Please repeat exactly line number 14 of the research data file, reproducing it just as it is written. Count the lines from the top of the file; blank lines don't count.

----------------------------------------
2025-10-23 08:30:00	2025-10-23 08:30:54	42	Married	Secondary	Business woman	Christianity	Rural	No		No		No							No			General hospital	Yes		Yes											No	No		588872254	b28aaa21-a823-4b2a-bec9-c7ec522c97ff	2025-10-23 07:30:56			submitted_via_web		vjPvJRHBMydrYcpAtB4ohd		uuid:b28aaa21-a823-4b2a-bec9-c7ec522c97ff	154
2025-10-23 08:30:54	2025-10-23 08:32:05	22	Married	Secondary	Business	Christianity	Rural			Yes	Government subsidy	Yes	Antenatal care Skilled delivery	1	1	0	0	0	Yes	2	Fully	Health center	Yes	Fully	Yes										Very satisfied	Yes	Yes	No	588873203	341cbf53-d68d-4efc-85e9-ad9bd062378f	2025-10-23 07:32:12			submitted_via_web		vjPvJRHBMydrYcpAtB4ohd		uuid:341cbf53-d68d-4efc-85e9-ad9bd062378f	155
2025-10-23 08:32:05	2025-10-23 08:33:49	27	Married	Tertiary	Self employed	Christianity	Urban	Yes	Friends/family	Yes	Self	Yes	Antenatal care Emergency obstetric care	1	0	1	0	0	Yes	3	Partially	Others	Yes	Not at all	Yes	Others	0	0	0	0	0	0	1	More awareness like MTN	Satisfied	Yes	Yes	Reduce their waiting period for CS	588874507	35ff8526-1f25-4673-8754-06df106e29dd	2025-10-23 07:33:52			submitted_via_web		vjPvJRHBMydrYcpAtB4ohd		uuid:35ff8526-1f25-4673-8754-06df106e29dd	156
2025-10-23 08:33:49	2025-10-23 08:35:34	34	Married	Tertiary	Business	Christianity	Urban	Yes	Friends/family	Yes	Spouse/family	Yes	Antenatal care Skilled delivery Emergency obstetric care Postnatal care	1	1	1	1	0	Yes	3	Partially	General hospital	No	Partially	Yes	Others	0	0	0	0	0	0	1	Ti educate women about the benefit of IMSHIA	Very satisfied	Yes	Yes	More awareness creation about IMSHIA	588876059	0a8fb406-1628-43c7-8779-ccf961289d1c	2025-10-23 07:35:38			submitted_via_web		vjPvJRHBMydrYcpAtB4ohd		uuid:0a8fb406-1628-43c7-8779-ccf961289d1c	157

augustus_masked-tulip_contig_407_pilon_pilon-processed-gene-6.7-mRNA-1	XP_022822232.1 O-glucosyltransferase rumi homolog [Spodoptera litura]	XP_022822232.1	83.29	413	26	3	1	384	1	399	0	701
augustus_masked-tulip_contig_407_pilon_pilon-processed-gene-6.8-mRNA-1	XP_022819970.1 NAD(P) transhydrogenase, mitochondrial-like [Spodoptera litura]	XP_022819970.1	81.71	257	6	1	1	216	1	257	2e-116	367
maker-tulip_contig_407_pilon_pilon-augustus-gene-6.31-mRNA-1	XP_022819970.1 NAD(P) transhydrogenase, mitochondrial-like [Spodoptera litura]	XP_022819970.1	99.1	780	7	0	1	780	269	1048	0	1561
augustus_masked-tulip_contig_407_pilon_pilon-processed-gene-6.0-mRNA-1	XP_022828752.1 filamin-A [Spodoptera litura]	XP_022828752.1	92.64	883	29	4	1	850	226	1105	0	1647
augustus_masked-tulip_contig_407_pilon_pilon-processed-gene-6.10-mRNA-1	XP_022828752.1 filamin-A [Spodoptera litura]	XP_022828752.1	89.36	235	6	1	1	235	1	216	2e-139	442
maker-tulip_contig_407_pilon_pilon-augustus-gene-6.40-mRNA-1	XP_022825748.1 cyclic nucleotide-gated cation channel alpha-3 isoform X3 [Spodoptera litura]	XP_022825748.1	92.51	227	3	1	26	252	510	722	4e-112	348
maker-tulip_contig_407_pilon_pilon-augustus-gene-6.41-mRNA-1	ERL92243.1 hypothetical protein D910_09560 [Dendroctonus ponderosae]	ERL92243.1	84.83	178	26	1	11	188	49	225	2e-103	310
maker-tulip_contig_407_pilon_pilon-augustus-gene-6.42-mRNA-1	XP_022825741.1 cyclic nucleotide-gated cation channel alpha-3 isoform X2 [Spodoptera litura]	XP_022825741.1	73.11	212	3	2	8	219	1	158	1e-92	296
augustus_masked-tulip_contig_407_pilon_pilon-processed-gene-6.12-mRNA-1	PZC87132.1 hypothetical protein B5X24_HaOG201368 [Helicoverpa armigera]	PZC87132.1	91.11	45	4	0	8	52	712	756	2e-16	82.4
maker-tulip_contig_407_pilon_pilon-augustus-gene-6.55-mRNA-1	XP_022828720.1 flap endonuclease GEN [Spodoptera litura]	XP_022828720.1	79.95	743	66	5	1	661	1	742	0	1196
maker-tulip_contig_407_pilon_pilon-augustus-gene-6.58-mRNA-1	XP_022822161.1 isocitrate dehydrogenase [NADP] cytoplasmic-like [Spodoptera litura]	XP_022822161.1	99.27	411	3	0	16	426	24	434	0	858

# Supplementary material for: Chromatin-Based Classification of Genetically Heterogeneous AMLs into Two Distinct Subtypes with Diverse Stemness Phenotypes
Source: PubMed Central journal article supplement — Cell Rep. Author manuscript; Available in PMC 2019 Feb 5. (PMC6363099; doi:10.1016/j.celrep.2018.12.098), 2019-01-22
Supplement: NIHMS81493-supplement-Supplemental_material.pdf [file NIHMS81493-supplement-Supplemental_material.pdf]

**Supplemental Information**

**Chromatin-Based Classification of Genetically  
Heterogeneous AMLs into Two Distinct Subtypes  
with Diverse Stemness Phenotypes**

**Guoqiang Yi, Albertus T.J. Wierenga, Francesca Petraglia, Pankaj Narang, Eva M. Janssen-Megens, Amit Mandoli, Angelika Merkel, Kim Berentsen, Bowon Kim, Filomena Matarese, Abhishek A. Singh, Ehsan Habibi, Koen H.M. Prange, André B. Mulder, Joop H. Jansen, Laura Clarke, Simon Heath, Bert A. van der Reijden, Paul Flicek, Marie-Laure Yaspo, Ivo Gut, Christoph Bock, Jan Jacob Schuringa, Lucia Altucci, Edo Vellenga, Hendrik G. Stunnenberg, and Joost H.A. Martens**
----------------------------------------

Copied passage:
maker-tulip_contig_407_pilon_pilon-augustus-gene-6.55-mRNA-1	XP_022828720.1 flap endonuclease GEN [Spodoptera litura]	XP_022828720.1	79.95	743	66	5	1	661	1	742	0	1196